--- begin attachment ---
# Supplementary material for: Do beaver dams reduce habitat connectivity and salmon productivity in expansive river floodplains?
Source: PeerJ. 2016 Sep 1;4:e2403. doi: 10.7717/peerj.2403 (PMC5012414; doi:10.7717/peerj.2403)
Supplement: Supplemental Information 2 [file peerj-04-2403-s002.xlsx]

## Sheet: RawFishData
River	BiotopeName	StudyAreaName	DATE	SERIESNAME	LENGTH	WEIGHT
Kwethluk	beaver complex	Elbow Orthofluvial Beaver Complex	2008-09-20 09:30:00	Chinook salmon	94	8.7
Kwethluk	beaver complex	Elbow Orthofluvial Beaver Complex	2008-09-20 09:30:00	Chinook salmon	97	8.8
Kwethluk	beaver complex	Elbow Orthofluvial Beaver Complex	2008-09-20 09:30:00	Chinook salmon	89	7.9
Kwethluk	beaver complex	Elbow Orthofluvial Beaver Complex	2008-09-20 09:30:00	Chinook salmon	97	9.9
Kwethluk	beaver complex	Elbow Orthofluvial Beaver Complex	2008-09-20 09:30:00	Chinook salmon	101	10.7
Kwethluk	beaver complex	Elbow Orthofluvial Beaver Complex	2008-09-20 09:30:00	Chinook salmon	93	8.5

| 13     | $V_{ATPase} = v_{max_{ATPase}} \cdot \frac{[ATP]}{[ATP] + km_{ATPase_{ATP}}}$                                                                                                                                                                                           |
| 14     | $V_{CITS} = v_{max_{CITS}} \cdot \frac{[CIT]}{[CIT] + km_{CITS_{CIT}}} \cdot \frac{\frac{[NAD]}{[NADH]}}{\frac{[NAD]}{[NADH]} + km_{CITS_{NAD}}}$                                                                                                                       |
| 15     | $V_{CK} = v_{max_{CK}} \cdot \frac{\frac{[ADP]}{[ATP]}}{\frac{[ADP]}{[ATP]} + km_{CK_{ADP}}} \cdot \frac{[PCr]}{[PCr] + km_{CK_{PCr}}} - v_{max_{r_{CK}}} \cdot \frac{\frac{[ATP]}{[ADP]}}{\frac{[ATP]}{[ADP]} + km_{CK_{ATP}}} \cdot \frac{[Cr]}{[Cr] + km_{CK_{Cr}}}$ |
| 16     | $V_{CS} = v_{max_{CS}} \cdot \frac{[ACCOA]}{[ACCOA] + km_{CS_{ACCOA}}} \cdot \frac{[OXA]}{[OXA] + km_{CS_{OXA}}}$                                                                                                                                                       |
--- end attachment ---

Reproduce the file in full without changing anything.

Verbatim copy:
# Supplementary material for: Do beaver dams reduce habitat connectivity and salmon productivity in expansive river floodplains?
Source: PeerJ. 2016 Sep 1;4:e2403. doi: 10.7717/peerj.2403 (PMC5012414; doi:10.7717/peerj.2403)
Supplement: Supplemental Information 2 [file peerj-04-2403-s002.xlsx]

## Sheet: RawFishData
River	BiotopeName	StudyAreaName	DATE	SERIESNAME	LENGTH	WEIGHT
Kwethluk	beaver complex	Elbow Orthofluvial Beaver Complex	2008-09-20 09:30:00	Chinook salmon	94	8.7
Kwethluk	beaver complex	Elbow Orthofluvial Beaver Complex	2008-09-20 09:30:00	Chinook salmon	97	8.8
Kwethluk	beaver complex	Elbow Orthofluvial Beaver Complex	2008-09-20 09:30:00	Chinook salmon	89	7.9
Kwethluk	beaver complex	Elbow Orthofluvial Beaver Complex	2008-09-20 09:30:00	Chinook salmon	97	9.9
Kwethluk	beaver complex	Elbow Orthofluvial Beaver Complex	2008-09-20 09:30:00	Chinook salmon	101	10.7
Kwethluk	beaver complex	Elbow Orthofluvial Beaver Complex	2008-09-20 09:30:00	Chinook salmon	93	8.5

| 13     | $V_{ATPase} = v_{max_{ATPase}} \cdot \frac{[ATP]}{[ATP] + km_{ATPase_{ATP}}}$                                                                                                                                                                                           |
| 14     | $V_{CITS} = v_{max_{CITS}} \cdot \frac{[CIT]}{[CIT] + km_{CITS_{CIT}}} \cdot \frac{\frac{[NAD]}{[NADH]}}{\frac{[NAD]}{[NADH]} + km_{CITS_{NAD}}}$                                                                                                                       |
| 15     | $V_{CK} = v_{max_{CK}} \cdot \frac{\frac{[ADP]}{[ATP]}}{\frac{[ADP]}{[ATP]} + km_{CK_{ADP}}} \cdot \frac{[PCr]}{[PCr] + km_{CK_{PCr}}} - v_{max_{r_{CK}}} \cdot \frac{\frac{[ATP]}{[ADP]}}{\frac{[ATP]}{[ADP]} + km_{CK_{ATP}}} \cdot \frac{[Cr]}{[Cr] + km_{CK_{Cr}}}$ |
| 16     | $V_{CS} = v_{max_{CS}} \cdot \frac{[ACCOA]}{[ACCOA] + km_{CS_{ACCOA}}} \cdot \frac{[OXA]}{[OXA] + km_{CS_{OXA}}}$                                                                                                                                                       |